Jim Graves is a Catholic writer and editor living in Newport Beach, California. He previously served as Managing Editor for the Diocese of Orange Bulletin, the official newspaper of the Diocese of Orange, California. His work has appeared in the National Catholic Register, Our Sunday Visitor, Cal Catholic Daily and Catholic World Report.
The Church celebrates the feast day of St. Elizabeth Ann Seton (1774-1821) on Jan. 4. “Mother Seton” was both a wife and mother of five, founder of the Sisters of Charity of St. Joseph and the first American citizen born in the U.S. to be declared a saint. I had the opportunity to get a quick look at the magnificent National Shrine of St. Elizabeth Ann Seton (visit https://setonshrine.org/) in Emmitsburg, Maryland, last spring. (Visit the shrine on Jan. 4, 2018, 1:30 to 2:30 p.m., and you can join in Mass celebrated by Archbishop of Baltimore William Lori and hear him preach for the feast day.)
Mother Seton was born into an Episcopal family in New York City. She married a successful businessman when she was 19, and went on to have five children with him. She was widowed in 1803, and converted to Catholicism in 1805. She went on to found the first women’s religious community established in the U.S., which still serves today in the U.S. and Canada.
She was canonized by Pope Paul VI in 1975. Her remains have been entombed in the Basilica of the Emmitsburg shrine since 1968.
Components of the shrine include the Basilica, which was completed in 1965 and designated a minor basilica in 1991, along with the visitor center and museum which tells the story of Mother Seton and her nuns. Also on the grounds is the 1750 Stone House, one of the first homes in Emmitsburg in which Mother stayed. (In 2015, President Obama presented Pope Francis with an original key to the Stone House upon the pontiff’s visit to the White House.) Also part of the tour is the Shrine’s White House, an early 1800s home into which Mother and her sisters moved after the Stone House. Its historic furnishings, including a school room similar to that which Mother might have taught in two centuries ago, help take you back to the early days of the community.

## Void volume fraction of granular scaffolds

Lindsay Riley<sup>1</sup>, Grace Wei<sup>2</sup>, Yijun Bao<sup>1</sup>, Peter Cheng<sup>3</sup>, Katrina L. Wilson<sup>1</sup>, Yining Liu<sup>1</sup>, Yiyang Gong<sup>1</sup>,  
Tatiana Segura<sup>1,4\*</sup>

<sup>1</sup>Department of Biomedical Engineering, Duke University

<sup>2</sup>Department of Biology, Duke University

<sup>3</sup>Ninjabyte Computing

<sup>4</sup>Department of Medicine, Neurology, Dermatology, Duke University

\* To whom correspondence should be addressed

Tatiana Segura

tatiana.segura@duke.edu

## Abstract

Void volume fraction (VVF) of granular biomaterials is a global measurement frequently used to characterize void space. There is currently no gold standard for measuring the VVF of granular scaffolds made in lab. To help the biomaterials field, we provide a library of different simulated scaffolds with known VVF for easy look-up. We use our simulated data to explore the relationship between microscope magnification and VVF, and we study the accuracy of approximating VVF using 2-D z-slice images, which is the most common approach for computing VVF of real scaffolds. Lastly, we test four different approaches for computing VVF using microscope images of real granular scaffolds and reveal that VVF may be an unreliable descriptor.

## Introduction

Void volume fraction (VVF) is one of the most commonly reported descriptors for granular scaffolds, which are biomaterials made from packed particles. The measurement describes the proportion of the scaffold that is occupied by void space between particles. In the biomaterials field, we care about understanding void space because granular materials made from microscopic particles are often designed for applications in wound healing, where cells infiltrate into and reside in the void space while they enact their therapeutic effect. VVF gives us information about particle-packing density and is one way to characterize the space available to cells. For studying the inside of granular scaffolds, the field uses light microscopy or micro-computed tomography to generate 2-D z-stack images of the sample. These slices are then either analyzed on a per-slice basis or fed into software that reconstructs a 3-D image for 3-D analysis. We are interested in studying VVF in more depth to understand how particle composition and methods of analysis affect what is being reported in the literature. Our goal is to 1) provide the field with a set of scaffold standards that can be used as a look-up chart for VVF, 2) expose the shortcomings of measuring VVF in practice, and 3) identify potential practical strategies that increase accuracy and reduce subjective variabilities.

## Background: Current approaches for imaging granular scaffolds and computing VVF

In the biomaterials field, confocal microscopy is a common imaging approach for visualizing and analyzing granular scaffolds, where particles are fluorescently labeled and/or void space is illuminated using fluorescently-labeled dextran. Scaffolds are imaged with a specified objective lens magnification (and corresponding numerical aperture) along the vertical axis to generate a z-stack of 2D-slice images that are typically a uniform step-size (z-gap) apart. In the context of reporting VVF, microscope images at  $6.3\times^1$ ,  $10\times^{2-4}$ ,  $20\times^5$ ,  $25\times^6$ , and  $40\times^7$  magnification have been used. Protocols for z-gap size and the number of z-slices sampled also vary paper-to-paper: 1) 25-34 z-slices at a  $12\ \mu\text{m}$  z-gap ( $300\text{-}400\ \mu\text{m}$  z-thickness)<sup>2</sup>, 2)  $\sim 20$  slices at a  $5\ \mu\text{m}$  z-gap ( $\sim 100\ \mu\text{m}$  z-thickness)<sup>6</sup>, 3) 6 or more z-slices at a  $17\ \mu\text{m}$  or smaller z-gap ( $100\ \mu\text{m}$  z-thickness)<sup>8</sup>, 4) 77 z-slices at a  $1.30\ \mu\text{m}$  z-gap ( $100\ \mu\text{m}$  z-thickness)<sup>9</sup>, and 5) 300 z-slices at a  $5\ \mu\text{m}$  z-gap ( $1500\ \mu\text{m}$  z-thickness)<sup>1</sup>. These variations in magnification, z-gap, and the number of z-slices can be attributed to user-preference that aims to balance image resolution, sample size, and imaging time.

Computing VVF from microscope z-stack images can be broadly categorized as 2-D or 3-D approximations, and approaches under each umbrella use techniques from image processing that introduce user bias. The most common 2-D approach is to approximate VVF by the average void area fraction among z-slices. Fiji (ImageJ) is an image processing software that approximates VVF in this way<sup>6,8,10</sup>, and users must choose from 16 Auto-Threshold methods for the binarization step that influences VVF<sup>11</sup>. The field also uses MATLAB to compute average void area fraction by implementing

Other features on the property are the St. Joseph Cemetery and a Mortuary Chapel, built by Mother’s son, William, to honor his mother after she died. Take a look also for the Stations of the Cross, bronze images you’ll find in the stone wall surrounding the cemetery.
The shrine is located just 15 miles from Gettysburg, Pennsylvania, the site of the Civil War’s bloodiest battle (which is how I stumbled on it, leaving the battlefield). Mother Seton’s sisters traveled to the battlefield to care for the wounded of both sides (see the Civil War Sisters exhibit).
Start at the Visitor Center, which offers an introductory 12-minute film; tour on your own or take one of the free guided tours offered throughout the day. The shrine is open 10:00 a.m. to 4:30 p.m. and is free to visit; religious items are for sale in the gift shop. If you want to pay a modest fee, the shrine offers tours to the surrounding areas, such as to the Gettysburg battlefield.
There are also opportunities for spiritual nourishment at the shrine, including Mass Sunday through Friday at 1:30 p.m. and confession before Mass Monday through Friday, 12:15 to 1:15 p.m.
The shrine is a place of beautiful art and architecture, and does a magnificent job telling the story of Mother Seton and her community. The grounds are well maintained, peaceful and extensive; take time to kneel and pray before the remains of Mother Seton, located in the Altar of Relics in the Basilica. It’s a wonderful Catholic as well as American heritage site, and well worth a visit.